This is more or less suggests that Jankowski’s ceiling is a 3/4 C if he even makes it to the NHL. I know that some would rush to call him an exception, but he can’t be defined as one until he proves he is. Until then, he’s a middling prospect tracking to be a career AHLer.
I’m sure you’re familiar with our old pal Ryan Lambert! If you aren’t, Lambert is FN’s resident college hockey expert, specializing in Hockey East coverage and analysis. He’s written on Janko extensively since he has been drafted. I’ve previously linked to some of them, but here are more Lambert articles discussing Jankowski this year:
If you want to unite all three articles under one thesis, you could say this: Jankowski has had flashes of brilliance, but when considering the context of his senior season and his whole body of work, he is unlikely to repeat this at a higher level. I think I’ve echoed that enough through this article.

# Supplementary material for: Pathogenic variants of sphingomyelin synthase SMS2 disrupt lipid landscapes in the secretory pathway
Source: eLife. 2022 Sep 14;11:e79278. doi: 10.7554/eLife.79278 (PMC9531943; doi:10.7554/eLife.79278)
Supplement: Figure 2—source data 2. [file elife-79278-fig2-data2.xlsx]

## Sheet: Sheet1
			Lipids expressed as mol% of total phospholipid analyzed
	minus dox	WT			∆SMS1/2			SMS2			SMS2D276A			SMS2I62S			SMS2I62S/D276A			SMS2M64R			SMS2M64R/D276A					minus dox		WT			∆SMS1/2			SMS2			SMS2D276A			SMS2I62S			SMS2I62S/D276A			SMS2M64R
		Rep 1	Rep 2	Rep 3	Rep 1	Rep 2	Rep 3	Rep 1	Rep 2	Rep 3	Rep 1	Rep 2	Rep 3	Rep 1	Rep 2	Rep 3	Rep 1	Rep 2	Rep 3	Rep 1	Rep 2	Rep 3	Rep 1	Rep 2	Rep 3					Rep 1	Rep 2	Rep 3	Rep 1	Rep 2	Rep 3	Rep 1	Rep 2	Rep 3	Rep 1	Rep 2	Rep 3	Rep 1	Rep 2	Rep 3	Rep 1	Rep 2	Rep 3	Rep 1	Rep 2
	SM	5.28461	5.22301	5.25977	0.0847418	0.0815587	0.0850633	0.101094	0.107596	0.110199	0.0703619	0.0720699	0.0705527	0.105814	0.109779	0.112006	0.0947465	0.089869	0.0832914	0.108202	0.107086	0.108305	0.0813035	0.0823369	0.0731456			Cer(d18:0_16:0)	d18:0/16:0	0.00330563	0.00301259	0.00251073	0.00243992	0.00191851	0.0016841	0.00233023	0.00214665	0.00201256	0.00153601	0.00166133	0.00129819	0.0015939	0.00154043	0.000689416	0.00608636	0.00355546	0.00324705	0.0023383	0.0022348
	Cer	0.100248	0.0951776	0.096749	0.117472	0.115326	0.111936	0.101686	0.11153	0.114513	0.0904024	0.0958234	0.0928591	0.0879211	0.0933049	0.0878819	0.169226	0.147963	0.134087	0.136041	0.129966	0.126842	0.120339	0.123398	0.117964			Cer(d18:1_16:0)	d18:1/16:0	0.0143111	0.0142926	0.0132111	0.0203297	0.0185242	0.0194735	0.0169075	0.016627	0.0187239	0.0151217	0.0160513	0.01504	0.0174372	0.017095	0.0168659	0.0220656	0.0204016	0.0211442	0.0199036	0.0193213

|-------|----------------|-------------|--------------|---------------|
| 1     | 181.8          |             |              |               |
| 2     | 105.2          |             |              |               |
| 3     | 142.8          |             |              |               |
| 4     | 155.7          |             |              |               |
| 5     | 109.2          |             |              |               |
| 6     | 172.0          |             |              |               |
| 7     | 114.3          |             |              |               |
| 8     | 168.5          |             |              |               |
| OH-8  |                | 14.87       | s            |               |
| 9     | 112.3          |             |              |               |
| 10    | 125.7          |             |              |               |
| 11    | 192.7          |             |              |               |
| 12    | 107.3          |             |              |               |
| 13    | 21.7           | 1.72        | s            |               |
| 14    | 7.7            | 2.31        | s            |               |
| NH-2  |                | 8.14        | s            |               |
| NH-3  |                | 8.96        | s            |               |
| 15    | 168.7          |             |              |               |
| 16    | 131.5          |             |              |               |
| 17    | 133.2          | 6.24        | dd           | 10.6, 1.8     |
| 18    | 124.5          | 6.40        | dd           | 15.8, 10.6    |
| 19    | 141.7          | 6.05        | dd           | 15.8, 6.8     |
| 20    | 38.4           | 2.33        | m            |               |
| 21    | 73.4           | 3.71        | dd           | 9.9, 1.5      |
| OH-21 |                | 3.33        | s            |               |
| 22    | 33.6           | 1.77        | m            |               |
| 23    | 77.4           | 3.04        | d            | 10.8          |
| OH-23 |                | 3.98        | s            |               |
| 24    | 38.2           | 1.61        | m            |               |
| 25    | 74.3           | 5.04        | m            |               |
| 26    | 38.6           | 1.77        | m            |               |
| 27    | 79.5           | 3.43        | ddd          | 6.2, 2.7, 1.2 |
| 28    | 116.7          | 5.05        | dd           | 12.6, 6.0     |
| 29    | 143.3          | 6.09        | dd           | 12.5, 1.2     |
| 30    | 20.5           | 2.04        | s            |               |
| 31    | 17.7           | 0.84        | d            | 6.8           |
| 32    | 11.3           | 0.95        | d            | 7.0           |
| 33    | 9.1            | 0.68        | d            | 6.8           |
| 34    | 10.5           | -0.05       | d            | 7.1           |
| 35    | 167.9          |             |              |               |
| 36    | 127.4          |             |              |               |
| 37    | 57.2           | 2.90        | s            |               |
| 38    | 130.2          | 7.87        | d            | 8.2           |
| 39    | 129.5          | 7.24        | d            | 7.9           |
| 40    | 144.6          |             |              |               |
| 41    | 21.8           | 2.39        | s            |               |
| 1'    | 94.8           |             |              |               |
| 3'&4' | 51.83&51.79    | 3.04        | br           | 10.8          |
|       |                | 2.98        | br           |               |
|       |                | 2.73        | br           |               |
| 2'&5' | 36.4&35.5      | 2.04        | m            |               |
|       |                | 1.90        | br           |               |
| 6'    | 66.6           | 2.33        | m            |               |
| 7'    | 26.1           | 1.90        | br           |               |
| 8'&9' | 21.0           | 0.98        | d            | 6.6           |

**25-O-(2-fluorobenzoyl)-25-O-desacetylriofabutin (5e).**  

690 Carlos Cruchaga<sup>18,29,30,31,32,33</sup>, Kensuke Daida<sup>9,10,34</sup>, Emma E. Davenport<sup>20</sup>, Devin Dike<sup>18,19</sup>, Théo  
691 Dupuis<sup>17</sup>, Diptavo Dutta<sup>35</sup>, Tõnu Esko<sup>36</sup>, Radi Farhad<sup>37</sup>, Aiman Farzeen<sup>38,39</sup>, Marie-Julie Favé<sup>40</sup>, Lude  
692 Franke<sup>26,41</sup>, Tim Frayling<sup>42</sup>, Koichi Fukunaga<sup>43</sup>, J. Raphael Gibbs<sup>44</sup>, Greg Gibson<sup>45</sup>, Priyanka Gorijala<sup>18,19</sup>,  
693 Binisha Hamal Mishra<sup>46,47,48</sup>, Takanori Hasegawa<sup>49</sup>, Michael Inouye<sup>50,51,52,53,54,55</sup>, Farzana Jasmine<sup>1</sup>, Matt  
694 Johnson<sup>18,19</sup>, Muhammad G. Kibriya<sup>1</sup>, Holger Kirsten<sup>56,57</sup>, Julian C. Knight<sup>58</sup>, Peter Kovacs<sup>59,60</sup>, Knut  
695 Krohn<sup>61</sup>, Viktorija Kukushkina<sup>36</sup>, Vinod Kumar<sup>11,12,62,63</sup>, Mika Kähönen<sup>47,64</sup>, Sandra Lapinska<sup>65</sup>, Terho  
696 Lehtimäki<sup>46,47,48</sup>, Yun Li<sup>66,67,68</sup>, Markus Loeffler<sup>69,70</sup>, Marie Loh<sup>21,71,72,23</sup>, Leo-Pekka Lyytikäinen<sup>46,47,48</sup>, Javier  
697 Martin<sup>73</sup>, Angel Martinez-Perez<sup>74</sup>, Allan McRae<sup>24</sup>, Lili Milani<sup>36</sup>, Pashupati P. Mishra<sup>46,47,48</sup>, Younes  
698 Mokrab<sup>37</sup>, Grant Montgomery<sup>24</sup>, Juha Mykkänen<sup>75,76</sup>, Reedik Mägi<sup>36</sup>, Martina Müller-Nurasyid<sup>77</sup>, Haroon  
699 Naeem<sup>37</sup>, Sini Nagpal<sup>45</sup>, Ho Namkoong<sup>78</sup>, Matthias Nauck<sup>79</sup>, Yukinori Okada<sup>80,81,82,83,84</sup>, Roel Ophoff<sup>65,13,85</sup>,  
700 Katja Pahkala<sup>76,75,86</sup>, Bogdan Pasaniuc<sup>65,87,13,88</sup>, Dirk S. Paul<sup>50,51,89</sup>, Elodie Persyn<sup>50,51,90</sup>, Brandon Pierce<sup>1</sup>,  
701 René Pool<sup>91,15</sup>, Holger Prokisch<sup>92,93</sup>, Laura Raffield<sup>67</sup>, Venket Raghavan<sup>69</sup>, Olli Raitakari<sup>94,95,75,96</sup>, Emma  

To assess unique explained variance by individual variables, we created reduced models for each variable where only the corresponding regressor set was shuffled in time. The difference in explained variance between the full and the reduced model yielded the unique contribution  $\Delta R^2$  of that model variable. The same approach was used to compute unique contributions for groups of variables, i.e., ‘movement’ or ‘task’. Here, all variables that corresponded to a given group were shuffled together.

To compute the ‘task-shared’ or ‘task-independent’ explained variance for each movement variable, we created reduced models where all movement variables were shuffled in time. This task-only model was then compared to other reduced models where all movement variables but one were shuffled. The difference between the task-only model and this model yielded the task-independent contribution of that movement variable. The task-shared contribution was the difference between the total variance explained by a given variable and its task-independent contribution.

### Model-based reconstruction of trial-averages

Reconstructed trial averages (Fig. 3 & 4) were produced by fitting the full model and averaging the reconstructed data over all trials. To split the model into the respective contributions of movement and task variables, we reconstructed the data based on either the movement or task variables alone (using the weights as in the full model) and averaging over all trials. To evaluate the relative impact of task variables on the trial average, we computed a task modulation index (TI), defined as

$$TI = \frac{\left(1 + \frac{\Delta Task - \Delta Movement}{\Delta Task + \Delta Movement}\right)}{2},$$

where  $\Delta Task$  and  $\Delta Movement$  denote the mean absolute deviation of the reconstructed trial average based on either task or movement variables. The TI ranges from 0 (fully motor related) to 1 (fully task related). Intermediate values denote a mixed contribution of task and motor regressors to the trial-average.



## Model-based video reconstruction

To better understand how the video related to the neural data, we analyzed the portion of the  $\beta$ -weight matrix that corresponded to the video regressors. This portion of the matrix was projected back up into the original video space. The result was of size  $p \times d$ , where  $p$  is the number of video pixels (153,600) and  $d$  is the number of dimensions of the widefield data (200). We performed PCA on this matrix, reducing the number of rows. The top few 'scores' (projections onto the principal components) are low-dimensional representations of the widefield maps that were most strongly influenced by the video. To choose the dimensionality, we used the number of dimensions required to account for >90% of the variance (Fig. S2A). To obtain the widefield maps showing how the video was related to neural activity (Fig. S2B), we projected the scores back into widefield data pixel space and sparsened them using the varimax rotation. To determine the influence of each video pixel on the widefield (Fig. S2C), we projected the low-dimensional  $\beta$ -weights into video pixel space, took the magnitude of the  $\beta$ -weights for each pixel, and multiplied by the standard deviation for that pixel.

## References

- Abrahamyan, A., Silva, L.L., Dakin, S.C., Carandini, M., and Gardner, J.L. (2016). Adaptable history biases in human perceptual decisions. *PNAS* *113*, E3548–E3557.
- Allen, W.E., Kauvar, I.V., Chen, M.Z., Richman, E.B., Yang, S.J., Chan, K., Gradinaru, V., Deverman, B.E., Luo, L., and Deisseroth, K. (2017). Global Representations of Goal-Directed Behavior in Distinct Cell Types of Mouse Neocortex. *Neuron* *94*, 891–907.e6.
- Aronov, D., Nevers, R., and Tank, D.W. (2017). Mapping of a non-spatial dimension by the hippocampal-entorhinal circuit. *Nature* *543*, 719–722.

Here’s an alternate opinion from Brandon Kisker (via Taylor), play-by-play man for the Stockton Heat:
Finally a real nod to Mark Jankowski. Again limited action and you read so much about him, and I remember back when he was drafted and learning that he was the highest prep school athlete taken in the draft in NHL history. I think a lot of people thought he’d end up being a bust, and a lot of negative press about him was out there before he even took to the ice as a pro. Knowing and having read plenty, it’s hard to not get excited to see what the kid could do.
If he didn’t blow you away, you should stop watching hockey…
Janko was fantastic. Such smooth hands… SUCH silky mitts….
One of the real joys of watching him in the end was just seeing him buy some time by using his elusiveness to his advantage along the half-wall and shovelling passes across the ice to set up goals or grade-A scoring chances. Having 6 points in 8 games is huge for a kid that has to be playing with a chip on his shoulder.
I thought what he said during his exit interview was real positive too. He can’t be complacent with his success and knows he has some work to do.
Particularly, he needs to fill out a bit more
Hop on the
Jankowski bandwagon now folks before you get left behind.
We’ll say Janko has mixed reviews.